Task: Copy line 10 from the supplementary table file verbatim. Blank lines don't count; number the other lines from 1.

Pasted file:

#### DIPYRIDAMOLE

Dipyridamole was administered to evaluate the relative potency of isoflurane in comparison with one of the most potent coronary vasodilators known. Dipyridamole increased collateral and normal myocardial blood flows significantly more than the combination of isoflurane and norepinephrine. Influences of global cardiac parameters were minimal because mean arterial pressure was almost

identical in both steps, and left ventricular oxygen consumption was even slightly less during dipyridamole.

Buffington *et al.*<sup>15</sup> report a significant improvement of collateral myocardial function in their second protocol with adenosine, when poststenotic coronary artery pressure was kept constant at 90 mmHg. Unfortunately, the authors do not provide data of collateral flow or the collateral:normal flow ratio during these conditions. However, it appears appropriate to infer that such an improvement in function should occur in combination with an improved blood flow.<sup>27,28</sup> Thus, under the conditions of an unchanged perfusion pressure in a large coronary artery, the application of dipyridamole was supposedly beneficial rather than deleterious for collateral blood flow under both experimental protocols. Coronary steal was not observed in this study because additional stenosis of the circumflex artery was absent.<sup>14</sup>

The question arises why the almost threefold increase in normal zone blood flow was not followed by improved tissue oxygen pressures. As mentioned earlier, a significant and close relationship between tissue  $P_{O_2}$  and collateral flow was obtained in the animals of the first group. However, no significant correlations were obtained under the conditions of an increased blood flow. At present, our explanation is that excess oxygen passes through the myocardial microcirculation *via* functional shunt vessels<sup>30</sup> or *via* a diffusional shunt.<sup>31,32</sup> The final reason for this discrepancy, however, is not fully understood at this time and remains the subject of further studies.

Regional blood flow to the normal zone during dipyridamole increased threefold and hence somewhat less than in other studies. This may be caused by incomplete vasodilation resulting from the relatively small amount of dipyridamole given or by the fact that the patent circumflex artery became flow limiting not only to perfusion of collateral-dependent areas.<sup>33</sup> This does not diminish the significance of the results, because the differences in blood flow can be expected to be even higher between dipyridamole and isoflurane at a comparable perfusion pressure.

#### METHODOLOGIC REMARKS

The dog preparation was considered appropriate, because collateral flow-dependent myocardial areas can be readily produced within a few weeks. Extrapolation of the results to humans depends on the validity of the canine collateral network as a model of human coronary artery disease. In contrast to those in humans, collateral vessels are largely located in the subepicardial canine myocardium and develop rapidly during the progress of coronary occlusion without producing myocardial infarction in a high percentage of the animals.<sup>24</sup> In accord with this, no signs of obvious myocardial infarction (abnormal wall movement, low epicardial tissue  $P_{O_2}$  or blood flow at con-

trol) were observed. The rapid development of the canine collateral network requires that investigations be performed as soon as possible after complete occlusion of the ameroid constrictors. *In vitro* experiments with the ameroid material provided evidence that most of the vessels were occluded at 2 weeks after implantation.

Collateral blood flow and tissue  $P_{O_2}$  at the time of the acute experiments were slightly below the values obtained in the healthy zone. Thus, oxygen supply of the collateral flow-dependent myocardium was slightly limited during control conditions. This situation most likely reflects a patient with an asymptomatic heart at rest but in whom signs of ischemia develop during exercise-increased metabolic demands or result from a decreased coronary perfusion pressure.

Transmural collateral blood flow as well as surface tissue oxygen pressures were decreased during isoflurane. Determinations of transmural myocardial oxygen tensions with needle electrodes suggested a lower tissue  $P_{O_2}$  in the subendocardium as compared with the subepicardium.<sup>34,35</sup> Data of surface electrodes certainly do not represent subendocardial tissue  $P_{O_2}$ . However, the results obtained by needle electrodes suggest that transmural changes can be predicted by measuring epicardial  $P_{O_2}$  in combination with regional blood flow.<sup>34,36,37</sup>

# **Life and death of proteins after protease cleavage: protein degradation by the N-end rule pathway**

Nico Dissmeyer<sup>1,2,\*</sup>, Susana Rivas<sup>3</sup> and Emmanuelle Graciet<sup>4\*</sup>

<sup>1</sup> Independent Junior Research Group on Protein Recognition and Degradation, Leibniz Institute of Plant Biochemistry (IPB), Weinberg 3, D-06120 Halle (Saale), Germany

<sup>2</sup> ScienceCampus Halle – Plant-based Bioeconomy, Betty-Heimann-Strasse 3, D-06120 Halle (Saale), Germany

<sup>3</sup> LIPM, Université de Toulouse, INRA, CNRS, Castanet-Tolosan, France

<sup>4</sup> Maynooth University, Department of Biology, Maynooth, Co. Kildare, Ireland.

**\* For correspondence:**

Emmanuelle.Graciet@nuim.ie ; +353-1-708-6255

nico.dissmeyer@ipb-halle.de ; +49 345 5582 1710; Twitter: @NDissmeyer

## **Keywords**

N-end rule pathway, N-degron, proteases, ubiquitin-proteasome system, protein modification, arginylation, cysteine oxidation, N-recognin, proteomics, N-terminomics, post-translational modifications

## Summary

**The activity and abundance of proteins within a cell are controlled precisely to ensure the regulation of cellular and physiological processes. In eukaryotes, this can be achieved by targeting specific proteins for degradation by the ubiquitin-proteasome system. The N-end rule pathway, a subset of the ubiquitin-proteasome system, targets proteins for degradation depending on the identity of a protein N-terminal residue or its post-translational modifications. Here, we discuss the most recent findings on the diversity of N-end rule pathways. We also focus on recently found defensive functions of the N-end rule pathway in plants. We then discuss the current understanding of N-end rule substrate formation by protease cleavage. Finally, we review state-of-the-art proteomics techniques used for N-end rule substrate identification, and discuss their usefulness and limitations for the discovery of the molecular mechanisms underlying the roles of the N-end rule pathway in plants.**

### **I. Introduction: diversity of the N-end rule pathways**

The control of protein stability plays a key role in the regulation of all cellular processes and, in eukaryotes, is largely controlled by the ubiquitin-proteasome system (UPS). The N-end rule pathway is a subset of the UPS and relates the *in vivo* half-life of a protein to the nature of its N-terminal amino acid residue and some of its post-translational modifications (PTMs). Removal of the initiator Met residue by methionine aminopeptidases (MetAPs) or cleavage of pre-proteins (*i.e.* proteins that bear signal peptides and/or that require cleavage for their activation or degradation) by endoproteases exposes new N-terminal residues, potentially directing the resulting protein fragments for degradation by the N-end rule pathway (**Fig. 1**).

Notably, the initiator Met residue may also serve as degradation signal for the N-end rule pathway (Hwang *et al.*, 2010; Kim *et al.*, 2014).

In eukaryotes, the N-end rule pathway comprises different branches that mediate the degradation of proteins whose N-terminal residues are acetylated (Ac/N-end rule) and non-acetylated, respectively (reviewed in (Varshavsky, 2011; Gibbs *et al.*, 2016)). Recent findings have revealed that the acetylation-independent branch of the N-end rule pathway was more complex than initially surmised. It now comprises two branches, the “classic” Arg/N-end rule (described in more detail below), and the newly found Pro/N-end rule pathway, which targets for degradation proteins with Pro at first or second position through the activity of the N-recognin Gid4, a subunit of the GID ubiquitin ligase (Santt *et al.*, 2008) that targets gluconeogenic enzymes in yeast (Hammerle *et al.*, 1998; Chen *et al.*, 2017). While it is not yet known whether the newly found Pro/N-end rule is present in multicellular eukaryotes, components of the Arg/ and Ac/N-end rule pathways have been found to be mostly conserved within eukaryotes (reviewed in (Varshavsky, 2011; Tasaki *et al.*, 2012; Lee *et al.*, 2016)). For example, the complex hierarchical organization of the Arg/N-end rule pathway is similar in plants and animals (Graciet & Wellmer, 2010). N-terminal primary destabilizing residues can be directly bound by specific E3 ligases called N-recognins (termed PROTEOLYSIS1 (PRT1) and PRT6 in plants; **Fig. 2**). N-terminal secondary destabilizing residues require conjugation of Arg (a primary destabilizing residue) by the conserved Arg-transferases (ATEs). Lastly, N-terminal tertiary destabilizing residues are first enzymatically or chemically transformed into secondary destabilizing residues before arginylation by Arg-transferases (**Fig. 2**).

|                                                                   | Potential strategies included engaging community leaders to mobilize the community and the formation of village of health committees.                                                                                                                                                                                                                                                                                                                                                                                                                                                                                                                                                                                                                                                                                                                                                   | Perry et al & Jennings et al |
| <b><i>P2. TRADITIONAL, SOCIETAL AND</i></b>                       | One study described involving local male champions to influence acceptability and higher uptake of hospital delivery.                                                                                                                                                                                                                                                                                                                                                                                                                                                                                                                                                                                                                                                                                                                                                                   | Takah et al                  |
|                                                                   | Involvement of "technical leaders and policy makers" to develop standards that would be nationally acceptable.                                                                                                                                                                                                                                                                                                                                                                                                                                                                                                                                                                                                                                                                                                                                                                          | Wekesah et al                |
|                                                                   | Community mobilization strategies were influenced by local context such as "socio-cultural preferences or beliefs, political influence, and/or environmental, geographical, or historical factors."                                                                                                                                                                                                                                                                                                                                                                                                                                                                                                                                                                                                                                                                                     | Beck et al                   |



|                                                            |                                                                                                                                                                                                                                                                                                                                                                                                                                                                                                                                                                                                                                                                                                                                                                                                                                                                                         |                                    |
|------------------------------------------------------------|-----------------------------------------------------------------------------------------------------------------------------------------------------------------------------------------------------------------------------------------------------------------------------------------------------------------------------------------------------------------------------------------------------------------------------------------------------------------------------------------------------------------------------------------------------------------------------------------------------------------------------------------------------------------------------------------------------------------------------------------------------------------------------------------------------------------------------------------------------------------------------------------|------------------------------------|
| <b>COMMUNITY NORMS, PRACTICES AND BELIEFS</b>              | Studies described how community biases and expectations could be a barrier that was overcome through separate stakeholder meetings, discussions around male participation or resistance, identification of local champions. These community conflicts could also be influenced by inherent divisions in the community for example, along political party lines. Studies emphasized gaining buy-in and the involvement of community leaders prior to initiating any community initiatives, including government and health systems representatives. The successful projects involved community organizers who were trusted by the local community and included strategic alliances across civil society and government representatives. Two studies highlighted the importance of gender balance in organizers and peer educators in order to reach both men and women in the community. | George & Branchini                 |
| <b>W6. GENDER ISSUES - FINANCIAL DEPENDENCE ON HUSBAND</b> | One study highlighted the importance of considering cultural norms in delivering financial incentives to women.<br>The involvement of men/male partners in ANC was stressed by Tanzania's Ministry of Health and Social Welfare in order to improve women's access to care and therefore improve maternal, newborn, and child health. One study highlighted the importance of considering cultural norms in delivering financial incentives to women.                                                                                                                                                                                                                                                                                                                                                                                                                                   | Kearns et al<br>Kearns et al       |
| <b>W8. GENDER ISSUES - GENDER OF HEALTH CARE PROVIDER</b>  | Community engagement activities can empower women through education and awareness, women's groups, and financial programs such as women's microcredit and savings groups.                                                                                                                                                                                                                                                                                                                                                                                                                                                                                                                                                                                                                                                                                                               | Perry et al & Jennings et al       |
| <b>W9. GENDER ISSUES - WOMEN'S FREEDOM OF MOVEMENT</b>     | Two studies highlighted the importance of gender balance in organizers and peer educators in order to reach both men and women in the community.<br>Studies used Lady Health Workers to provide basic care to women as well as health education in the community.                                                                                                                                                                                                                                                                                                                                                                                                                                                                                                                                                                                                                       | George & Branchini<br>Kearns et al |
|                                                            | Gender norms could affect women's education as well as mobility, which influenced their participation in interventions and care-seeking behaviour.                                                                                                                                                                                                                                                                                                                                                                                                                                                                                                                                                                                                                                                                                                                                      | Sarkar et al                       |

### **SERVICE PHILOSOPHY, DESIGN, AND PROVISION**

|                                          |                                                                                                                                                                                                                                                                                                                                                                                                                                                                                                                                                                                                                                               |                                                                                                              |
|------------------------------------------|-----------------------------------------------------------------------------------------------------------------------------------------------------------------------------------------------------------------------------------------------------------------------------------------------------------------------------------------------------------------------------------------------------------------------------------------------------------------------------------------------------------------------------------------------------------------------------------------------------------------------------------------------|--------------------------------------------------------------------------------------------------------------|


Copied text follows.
Collateral blood flow and tissue  $P_{O_2}$  at the time of the acute experiments were slightly below the values obtained in the healthy zone. Thus, oxygen supply of the collateral flow-dependent myocardium was slightly limited during control conditions. This situation most likely reflects a patient with an asymptomatic heart at rest but in whom signs of ischemia develop during exercise-increased metabolic demands or result from a decreased coronary perfusion pressure.